A potential way out of QOCS for defendants in mixed claims made clearer
The Commissioner of Police of the Metropolis & Anor v Brown
31 July 2018
In the recent decision in The Commissioner of Police of the Metropolis & Anor v Brown (2018) Mrs Justice Whipple has held that in mixed claims (claims arising out of a cause of action for both compensation for personal injury as well as non-PI damages) the court does have discretion to disapply qualified one way costs shifting (QOCS) protection. "…in an unusual RTA, for example where the personal injury claim is modest but the main issue in the case relates to damage to the car, the court might consider it just to remove QOCS protection." William MacKenzie outlines the findings.
The claimant brought four causes of action against two defendants, the Commissioner of Police of the Metropolis and the Chief Constable of Greater Manchester Police: (1) breaches of the Data Protection Act 1998 (DPA), (2) breaches of the Human Rights Act 1998 (HRA), (3) misfeasance in public office and (4) the tort of misuse of private information.
The defendants conceded (1) and (2). The claimant lost on (3) but won on (4). As part of her case on all four claims, the claimant submitted that she had sustained personal injury in the form of depression. The judge rejected the claimant's claim for depression but did award damages for distress under s. 13(2) Data Protection Act 1998 (DPA).
The judge made a single global award of general damages to reflect the three causes of action on which the claimant had succeeded in the sum of £9,000. The claimant failed to beat Part 36 offers made by each of the defendants and as a result the issue of payment of costs arose. The judge at first instance held that the claimant was entitled to QOCS protection as she had pursued a claim for personal injuries along with claims for non-PI damages and it was sufficient that the two claims were directly linked. This, of course, meant the defendants could only enforce their costs orders to the extent of the damages award.
The defendants appealed this decision arguing that the judge had erred in law in construing Section II of CPR Part 44 so as to confer "automatic" QOCS protection for the claimant. The defendants sought to argue that her claim was for much more beyond damages for personal injury and that the mixed nature of her claim meant that QOCS protection was not automatic, but was subject to the judge's discretion, which he needed to consider whether to exercise.
In allowing the defendants' appeal, Whipple J held that mixed claims are within the scope of QOCS by virtue of CPR 44.13(1) but that CPR 44.16(2)(b) provides a mechanism to deal with mixed claims and potentially disapply QOCS. "The mechanism is quite simply to leave it to the court at the end of the case to decide whether, and if so to what extent, it is just to permit enforcement of a defendant's costs order. In this way, the infinite variety of mixed claims can be dealt with fairly and flexibly, according to the justice of the case. Read in this way, the provision is entirely consistent with the overriding objective."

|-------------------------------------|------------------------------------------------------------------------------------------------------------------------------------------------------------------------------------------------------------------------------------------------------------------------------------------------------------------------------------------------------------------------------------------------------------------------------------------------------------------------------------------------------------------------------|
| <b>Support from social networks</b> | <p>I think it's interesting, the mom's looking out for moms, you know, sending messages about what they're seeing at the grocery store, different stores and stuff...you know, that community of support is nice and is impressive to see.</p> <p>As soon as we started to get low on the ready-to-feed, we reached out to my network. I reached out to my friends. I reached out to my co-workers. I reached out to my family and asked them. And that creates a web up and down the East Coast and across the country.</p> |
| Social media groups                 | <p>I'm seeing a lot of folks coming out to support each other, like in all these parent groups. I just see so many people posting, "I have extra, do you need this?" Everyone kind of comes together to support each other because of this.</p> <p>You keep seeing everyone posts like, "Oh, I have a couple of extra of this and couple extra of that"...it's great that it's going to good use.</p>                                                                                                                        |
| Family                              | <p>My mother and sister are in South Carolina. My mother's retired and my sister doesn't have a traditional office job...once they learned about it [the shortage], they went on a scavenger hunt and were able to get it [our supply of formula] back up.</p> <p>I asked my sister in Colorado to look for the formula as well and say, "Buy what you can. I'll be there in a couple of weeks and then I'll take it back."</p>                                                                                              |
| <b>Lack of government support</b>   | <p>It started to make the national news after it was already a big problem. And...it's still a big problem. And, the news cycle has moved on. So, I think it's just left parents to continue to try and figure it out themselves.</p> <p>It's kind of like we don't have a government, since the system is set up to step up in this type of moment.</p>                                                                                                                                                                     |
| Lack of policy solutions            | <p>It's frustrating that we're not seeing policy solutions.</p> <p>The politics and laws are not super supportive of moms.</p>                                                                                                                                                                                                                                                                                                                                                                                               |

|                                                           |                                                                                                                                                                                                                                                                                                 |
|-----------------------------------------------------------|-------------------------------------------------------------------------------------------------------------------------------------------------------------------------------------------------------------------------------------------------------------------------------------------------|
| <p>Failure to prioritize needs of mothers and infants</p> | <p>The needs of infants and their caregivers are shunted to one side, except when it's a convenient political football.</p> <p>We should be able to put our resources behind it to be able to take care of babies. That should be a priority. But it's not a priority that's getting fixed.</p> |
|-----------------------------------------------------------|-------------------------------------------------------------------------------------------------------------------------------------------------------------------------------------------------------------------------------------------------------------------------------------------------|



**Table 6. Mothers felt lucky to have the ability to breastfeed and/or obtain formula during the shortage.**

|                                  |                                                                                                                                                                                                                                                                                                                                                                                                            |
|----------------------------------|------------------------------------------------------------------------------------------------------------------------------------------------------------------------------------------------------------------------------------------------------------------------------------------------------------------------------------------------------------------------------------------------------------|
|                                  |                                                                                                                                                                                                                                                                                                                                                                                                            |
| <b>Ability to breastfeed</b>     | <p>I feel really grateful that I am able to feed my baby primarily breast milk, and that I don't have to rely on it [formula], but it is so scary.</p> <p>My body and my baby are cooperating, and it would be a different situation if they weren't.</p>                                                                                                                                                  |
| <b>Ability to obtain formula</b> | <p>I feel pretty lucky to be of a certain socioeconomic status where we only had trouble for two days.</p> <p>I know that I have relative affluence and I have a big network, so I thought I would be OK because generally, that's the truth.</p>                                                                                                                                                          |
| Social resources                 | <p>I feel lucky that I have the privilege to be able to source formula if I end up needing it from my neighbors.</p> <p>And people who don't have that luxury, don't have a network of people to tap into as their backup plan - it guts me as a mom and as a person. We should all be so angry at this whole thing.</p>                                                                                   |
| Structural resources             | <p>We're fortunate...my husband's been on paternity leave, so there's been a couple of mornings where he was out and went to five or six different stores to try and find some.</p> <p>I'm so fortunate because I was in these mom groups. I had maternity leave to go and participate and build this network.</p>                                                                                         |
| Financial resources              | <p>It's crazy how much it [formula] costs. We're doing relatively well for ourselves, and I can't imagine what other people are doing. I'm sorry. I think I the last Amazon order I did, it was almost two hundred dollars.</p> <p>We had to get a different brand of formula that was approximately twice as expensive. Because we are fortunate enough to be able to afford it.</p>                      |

Whipple J disagreed with the trial judge as to the linkage between the two types of claim: the existence of the link was unimportant as the entire claim was still a mixed claim. Only the personal injury element of the proceedings is of course caught by the automatic entitlement to QOCS protection.
CPR 44.16(2)(b) states:
(2) Orders for costs made against the claimant may be enforced up to the full extent of such orders with the permission of the court, and to the extent that it considers just, where -
(b) a claim is made for the benefit of the claimant other than a claim to which this Section applies.
Whilst this action was brought against the police, the judge made the following, more general, comments: "A standard PI claim for damages for personal injury and damage to property is subject, at least in theory, to the discretion in CPR 44.16(2)(b) because the claimant is claiming for something beyond damages for personal injuries. In an ordinary claim arising out of an RTA, it might be thought unlikely that a court would consider it just to remove QOCS protection, simply because the injured claimant also sought compensation for damage to their car. But the discretion is there, and in an unusual RTA, for example where the personal injury claim is modest but the main issue in the case relates to damage to the car, the court might consider it just to remove QOCS protection."
Whipple J having ruled that the claimant did not benefit from automatic QOCS protection but that it was a matter for the court’s discretion whether that protection should be given, there will be a further hearing before the trial judge in September for him to consider whether or not to exercise that discretion.
This information is intended as a general discussion surrounding the topics covered and is for guidance purposes only. It does not constitute legal advice and should not be regarded as a substitute for taking legal advice. DWF is not responsible for any activity undertaken based on this information.